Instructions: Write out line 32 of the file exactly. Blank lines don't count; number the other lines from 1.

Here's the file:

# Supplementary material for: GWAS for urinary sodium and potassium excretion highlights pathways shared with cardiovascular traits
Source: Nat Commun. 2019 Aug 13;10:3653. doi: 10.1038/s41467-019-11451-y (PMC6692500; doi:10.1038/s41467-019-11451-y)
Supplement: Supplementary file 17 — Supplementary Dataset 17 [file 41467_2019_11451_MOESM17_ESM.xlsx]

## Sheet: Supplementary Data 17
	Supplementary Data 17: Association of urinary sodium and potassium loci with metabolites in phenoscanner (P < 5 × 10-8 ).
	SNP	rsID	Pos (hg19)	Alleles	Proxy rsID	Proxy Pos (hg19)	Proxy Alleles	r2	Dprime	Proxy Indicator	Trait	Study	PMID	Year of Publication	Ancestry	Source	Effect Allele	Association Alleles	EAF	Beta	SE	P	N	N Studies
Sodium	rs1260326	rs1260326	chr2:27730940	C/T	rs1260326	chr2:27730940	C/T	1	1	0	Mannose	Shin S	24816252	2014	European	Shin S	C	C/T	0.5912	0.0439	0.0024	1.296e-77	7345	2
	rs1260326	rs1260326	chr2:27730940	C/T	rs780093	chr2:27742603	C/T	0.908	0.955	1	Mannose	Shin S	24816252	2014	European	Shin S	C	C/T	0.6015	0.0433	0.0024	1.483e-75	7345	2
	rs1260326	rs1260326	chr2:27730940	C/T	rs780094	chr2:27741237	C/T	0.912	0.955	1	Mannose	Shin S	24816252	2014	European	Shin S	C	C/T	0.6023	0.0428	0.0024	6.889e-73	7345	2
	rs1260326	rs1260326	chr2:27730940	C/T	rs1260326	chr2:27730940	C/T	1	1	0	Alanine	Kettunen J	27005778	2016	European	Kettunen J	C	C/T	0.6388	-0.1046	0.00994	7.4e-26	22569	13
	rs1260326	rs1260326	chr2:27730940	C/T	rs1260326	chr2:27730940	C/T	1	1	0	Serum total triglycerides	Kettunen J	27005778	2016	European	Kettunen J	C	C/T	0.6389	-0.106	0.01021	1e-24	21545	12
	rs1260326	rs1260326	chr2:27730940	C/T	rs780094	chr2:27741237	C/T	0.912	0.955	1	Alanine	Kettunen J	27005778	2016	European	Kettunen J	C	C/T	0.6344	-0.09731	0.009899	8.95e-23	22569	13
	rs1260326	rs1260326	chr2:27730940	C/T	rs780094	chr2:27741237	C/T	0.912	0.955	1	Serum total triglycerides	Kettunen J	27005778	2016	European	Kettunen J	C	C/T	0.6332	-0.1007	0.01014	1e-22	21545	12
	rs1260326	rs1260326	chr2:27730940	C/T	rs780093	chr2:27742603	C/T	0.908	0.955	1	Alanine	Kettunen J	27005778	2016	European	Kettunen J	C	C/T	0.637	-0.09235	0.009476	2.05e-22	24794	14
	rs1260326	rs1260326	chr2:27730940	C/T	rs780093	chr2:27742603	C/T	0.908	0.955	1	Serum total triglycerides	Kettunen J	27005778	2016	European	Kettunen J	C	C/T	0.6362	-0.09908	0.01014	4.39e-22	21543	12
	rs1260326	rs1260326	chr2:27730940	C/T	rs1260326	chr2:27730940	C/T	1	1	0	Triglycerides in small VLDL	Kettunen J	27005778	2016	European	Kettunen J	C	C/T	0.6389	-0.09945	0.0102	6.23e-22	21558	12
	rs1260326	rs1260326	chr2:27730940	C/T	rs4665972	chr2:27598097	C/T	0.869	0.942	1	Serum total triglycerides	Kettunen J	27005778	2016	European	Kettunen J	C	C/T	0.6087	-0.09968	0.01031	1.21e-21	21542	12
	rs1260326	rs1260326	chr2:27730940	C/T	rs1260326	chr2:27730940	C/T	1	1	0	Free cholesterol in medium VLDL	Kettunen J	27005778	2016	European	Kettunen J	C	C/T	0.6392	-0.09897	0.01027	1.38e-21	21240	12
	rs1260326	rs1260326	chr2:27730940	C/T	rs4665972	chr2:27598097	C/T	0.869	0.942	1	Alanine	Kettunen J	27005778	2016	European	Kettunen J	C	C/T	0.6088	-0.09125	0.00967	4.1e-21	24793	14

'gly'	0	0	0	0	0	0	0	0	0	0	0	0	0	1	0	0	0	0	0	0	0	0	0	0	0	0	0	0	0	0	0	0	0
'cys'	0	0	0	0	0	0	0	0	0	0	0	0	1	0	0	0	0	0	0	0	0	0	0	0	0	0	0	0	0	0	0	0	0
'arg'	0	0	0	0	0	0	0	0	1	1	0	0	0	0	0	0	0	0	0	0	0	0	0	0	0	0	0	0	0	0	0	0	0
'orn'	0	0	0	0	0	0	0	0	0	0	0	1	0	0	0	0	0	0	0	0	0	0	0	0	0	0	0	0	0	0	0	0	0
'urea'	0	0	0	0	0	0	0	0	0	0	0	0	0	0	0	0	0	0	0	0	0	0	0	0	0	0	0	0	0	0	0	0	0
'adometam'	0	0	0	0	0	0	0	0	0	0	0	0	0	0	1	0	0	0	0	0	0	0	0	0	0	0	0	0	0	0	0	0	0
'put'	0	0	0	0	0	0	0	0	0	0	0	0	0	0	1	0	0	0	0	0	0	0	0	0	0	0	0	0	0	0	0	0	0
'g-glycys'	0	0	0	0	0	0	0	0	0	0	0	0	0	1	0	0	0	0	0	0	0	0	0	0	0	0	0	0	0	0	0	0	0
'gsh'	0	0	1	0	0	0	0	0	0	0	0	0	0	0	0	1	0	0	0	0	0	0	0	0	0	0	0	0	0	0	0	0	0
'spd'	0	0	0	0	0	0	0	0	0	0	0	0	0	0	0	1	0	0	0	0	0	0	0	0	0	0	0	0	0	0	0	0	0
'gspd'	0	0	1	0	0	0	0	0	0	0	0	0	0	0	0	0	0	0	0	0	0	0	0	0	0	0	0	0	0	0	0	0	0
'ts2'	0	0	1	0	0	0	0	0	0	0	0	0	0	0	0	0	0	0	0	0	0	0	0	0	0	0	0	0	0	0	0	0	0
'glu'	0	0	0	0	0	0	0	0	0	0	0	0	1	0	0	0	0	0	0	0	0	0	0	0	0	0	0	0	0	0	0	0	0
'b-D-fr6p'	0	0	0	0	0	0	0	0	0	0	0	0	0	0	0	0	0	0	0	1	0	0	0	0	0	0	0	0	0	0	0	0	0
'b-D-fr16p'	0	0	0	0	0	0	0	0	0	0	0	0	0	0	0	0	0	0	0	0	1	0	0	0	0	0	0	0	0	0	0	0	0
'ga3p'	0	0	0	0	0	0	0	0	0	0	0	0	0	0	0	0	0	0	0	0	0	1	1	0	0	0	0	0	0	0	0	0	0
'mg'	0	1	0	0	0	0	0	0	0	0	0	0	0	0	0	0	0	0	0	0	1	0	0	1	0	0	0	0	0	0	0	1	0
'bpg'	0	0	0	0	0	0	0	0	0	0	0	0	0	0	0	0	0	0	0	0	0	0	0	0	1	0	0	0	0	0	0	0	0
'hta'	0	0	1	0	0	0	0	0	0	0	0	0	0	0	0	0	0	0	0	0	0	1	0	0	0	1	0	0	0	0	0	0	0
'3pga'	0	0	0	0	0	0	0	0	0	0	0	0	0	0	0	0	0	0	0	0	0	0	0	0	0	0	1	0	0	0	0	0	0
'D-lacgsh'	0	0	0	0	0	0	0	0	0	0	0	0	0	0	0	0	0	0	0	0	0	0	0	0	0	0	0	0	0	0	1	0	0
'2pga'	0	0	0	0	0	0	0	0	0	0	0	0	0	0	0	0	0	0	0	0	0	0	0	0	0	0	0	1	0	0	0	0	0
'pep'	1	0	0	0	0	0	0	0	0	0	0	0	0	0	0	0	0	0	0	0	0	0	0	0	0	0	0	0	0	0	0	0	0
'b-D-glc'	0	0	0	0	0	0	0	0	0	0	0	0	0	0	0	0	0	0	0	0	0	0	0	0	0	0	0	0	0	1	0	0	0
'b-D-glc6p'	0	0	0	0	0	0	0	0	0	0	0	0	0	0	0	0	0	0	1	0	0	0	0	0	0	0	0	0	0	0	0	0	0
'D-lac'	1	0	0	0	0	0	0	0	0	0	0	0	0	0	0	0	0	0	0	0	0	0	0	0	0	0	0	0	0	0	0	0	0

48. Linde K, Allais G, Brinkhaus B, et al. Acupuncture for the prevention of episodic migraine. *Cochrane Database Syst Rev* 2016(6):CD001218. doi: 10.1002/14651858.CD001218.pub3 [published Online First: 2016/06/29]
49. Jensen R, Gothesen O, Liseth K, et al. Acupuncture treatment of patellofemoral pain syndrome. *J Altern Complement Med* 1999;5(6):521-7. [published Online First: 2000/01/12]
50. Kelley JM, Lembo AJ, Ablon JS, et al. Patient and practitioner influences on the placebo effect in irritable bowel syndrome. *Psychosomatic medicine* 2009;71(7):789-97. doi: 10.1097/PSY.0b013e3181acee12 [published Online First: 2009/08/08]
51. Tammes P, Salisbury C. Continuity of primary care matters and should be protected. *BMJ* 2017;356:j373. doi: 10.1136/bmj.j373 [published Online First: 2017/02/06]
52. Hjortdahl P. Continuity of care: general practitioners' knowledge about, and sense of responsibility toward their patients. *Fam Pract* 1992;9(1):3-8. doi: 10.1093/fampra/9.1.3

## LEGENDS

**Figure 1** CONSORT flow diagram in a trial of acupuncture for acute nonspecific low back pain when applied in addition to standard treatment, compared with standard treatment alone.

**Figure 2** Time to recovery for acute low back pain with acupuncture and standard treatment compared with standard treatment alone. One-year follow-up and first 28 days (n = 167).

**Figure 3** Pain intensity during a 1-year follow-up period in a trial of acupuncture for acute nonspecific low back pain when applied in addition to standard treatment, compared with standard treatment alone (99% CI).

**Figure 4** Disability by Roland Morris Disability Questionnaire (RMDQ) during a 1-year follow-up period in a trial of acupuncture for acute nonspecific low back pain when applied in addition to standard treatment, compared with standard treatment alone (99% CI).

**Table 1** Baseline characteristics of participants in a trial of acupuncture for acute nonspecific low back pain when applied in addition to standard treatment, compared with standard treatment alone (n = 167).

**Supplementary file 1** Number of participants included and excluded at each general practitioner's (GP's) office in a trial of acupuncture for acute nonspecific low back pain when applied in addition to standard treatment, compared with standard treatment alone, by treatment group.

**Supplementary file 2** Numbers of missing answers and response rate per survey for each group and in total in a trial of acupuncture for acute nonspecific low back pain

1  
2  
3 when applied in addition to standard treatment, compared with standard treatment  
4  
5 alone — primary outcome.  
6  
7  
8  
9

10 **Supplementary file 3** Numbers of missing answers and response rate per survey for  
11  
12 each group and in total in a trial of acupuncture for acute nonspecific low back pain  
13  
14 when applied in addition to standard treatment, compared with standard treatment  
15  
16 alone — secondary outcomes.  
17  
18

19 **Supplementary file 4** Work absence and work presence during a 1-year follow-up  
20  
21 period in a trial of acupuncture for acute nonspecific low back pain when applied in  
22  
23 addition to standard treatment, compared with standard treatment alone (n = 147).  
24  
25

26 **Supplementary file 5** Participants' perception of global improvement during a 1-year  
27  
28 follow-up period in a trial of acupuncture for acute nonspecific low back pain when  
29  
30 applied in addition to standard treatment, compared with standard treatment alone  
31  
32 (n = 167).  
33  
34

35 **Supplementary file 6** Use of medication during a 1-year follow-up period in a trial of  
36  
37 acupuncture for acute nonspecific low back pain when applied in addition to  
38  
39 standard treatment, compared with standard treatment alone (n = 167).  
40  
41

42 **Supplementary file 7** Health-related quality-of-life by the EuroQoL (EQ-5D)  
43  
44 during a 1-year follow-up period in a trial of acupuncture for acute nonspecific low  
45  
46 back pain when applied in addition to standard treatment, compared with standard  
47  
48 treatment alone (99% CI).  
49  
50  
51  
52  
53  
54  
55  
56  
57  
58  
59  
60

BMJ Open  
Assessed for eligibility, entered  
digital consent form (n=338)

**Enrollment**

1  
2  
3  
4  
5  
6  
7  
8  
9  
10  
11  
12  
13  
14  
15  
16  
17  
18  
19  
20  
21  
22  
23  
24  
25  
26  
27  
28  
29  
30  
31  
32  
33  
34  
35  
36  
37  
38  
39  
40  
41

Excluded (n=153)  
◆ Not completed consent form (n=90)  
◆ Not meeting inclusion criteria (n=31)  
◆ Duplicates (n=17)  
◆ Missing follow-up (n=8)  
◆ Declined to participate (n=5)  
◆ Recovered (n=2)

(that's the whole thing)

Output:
'glu'	0	0	0	0	0	0	0	0	0	0	0	0	1	0	0	0	0	0	0	0	0	0	0	0	0	0	0	0	0	0	0	0	0